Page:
Proximity and distance
As cities throughout the world become increasingly homogenised to meet the expectations and dynamics of the globalised economy and the ideals of sanitised luxury, our experiential relationship with the built environment and urban situation has become increasingly neglected. Entire territories of our cities, streets, open spaces and increasingly the home have been commoditised as devices of consumption, marketing, and perhaps worse, as carelessly delivered necessities of the planning process. The city has disappeared behind a suite of individual projects, each taking advantage of the city location but at the expense of the urban opportunity for its inhabitants.
This year Unit 3 wishes to reclaim the city as a place for citizens, to find ways of enriching our collective human relationships with the spaces, objects, infrastructure and programmes that make up the urban landscape. We have used the theme of proximity and distance as a measure of urban relationships that transcends scales from the intimate to the geographical, and which is inextricably linked to our collective engagement with the city, and our ability to live within it.
The complexity of the city resists a systematic reading. Whilst some see this as a license to ignore context or engagement with the place, we conversely see a need to become more interested in the idea of the city as well as city specifics; to stake out a position and an attitude. This requires a dynamic approach that is both rigorous and open. Close observation about places, and conceptually clear ideas about the context have offer nuanced, essential and playful ways to consider urban change at all scales.
A balance between rational objectivity and intuitive judgements has guide the unit work method enabling effectiveness as agents of necessity and delight.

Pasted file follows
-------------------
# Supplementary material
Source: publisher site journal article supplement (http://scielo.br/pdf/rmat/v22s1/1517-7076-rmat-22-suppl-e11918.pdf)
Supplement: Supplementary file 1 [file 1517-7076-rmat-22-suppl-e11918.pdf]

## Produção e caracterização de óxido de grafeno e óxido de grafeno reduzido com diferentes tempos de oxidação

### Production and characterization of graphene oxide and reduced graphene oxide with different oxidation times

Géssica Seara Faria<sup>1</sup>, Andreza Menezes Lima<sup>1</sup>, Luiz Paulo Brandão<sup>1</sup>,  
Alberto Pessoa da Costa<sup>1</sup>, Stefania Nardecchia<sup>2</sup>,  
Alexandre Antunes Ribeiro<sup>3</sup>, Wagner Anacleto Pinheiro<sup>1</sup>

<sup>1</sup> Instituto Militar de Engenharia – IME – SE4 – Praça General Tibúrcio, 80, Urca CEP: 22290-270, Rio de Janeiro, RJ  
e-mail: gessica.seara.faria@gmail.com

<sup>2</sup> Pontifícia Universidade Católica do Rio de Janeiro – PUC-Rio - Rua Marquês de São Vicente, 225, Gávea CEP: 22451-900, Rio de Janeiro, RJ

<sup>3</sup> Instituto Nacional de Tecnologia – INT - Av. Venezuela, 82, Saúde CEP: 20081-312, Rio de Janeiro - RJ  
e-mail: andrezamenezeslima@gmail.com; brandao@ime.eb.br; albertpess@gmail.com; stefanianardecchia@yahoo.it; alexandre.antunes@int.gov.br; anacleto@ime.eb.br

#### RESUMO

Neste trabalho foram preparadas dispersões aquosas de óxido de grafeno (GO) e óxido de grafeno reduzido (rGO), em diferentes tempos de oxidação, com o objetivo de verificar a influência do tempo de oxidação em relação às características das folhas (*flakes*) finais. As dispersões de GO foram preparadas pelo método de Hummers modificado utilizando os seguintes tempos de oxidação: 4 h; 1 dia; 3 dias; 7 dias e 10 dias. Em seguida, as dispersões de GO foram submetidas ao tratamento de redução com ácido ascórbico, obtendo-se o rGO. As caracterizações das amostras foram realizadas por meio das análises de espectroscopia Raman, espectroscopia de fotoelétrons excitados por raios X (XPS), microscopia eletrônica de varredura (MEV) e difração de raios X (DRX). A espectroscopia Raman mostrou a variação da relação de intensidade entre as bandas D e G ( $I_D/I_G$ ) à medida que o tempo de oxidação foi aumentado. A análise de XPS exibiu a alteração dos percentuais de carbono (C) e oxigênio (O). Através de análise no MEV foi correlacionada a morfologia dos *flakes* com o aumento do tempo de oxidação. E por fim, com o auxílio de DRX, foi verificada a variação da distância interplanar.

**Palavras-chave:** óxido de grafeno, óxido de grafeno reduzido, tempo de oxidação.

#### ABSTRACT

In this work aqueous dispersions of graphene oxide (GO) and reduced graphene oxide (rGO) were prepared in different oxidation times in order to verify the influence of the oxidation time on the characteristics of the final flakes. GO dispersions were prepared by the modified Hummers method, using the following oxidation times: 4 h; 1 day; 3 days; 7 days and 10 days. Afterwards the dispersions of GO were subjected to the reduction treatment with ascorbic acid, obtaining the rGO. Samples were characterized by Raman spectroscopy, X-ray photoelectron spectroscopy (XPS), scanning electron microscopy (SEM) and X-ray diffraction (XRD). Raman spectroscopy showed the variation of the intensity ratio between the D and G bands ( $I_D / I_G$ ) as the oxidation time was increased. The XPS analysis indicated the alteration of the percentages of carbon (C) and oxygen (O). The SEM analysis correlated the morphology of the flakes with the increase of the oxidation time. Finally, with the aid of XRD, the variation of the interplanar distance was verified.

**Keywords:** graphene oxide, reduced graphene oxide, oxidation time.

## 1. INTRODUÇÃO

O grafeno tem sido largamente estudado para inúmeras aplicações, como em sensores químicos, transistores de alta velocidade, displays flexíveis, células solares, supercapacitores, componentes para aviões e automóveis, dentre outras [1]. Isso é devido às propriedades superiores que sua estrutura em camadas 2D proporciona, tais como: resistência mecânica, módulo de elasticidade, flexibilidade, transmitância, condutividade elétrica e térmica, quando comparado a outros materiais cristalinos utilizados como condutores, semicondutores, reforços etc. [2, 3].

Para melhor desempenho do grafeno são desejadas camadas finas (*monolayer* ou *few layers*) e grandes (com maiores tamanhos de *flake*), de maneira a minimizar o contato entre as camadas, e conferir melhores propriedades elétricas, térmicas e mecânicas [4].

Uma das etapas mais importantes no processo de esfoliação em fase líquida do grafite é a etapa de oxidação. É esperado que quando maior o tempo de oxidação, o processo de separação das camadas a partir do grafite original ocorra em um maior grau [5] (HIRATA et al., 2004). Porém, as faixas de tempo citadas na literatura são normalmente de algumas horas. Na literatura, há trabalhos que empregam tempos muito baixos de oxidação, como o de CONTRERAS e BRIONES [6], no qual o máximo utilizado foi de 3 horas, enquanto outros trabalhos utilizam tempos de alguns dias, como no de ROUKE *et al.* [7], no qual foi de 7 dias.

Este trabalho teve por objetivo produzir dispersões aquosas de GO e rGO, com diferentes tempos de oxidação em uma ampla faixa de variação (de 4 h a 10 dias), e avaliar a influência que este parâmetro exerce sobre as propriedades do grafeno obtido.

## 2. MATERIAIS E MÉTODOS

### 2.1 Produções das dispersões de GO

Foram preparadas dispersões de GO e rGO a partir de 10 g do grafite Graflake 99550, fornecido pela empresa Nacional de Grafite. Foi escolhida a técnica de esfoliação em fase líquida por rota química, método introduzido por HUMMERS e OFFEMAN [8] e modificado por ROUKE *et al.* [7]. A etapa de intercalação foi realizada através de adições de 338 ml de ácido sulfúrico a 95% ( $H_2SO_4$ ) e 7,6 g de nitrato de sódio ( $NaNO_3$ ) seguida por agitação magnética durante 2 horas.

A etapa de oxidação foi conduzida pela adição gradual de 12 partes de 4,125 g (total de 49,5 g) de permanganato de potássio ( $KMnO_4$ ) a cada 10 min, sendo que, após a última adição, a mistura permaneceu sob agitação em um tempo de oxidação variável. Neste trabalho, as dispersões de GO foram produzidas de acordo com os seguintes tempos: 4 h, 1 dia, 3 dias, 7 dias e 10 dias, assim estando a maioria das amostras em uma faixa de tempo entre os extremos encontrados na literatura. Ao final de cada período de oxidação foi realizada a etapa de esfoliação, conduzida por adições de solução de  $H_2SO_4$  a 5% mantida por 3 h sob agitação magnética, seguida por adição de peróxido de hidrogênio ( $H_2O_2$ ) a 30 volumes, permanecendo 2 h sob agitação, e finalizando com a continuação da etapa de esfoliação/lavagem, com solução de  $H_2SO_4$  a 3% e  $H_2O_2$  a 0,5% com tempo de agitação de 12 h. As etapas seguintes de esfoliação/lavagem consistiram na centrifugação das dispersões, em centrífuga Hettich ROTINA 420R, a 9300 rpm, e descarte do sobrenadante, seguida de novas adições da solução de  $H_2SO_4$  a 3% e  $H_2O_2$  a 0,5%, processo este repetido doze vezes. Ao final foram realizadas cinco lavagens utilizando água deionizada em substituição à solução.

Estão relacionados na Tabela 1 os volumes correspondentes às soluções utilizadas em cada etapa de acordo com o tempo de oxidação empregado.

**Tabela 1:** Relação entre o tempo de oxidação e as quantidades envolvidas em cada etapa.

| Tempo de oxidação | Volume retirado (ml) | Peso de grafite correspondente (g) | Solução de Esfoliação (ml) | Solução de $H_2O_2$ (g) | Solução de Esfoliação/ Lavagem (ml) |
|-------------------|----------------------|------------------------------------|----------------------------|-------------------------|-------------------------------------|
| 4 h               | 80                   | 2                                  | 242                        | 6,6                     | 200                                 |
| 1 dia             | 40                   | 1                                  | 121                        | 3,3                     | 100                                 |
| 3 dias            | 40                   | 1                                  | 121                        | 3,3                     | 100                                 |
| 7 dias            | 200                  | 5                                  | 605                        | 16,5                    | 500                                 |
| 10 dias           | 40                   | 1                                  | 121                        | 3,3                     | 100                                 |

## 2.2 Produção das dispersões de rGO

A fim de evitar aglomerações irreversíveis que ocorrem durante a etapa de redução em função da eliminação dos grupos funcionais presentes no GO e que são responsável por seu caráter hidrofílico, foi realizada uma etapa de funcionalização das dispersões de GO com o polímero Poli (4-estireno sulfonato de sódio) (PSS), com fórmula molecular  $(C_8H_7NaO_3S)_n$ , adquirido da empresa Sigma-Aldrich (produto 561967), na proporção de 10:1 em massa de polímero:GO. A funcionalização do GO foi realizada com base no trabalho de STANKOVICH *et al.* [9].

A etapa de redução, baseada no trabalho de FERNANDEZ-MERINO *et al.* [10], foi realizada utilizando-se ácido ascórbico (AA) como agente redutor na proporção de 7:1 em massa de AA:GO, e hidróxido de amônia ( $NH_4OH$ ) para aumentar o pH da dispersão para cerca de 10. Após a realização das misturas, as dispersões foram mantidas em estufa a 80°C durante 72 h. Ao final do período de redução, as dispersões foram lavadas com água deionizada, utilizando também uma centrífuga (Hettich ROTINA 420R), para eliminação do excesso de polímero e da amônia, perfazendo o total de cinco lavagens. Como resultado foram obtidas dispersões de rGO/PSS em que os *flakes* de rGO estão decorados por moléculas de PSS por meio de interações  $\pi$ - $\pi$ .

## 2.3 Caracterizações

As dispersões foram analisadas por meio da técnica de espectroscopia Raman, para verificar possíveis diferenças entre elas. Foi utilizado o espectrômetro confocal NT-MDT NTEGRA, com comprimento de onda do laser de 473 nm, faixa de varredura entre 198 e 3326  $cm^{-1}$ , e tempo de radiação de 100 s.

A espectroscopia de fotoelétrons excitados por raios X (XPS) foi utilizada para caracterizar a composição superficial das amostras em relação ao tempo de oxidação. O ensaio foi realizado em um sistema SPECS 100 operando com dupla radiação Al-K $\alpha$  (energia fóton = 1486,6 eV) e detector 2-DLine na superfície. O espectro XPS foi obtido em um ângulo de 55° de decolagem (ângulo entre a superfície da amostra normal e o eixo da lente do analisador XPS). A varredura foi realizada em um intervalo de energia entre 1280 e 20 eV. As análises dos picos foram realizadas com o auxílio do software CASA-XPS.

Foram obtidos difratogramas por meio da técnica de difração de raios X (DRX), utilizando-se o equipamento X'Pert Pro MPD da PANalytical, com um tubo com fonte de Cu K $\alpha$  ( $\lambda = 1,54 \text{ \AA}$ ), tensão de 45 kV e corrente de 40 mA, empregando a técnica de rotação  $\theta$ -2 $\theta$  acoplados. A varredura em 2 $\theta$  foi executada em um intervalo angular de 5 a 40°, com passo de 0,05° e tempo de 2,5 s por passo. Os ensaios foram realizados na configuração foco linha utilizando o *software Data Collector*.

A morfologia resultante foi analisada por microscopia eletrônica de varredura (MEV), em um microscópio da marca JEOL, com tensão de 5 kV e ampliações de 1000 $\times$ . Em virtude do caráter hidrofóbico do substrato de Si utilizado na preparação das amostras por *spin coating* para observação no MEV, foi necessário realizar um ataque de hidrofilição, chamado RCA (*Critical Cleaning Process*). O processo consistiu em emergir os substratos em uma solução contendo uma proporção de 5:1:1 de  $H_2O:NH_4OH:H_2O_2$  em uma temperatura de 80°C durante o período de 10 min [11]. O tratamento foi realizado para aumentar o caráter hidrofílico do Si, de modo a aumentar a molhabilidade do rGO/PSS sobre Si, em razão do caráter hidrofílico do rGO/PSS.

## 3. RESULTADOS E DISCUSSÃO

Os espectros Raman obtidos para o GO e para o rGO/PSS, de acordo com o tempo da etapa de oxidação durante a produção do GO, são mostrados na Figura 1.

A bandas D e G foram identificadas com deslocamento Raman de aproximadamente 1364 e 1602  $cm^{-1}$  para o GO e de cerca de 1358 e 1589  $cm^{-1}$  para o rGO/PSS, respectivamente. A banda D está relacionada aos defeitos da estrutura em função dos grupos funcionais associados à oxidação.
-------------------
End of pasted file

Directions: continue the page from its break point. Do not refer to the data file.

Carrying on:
Places in the shadow of modernity
This year the unit has been be split between two locations. The majority of the unit has been working in Croydon, with a limited number of students having the opportunity to work in the Santa Cecilia district of São Paulo in dialogue with the architecture school Escola da Cidade and Habitação de São Paulo. While the history and evolution of these two places is vastly different, their common ground as unapologetically metropolitan districts of major world cities has been our starting point for parallel investigation and dialogue; a prompt to consider how to approach both generic and intimate aspects of these and other places.
Within the context of a shared heritage of historical fabrics ruptured by the over-scaled ambitions of modernity manifest through vast infrastructural arteries, heroic architectures and apparent ‘placelessness’, the unit has searched for the pockets of unlikely generosity that hint at the civic potential of these conditions.
Exploring proximity and distance the unit has developed projects with the ambition of enabling places for living in these apparently inhospitable districts. The projects are not housing projects, but Instead projects that enable the opportunity to dwell, through building upon existing, and establishing new relationships between people, objects, spaces and uses. The unit has developed projects that pursue generosity as an architectural goal and actively engage with the complexity of the city in ways that are experientially rich and fundamentally public.
|Course||Professional Diploma in Architecture RIBA Part 2|
Bryan Pui-Hang Tsang
Escola da Cidade, São Paulo
Hans van der Heijden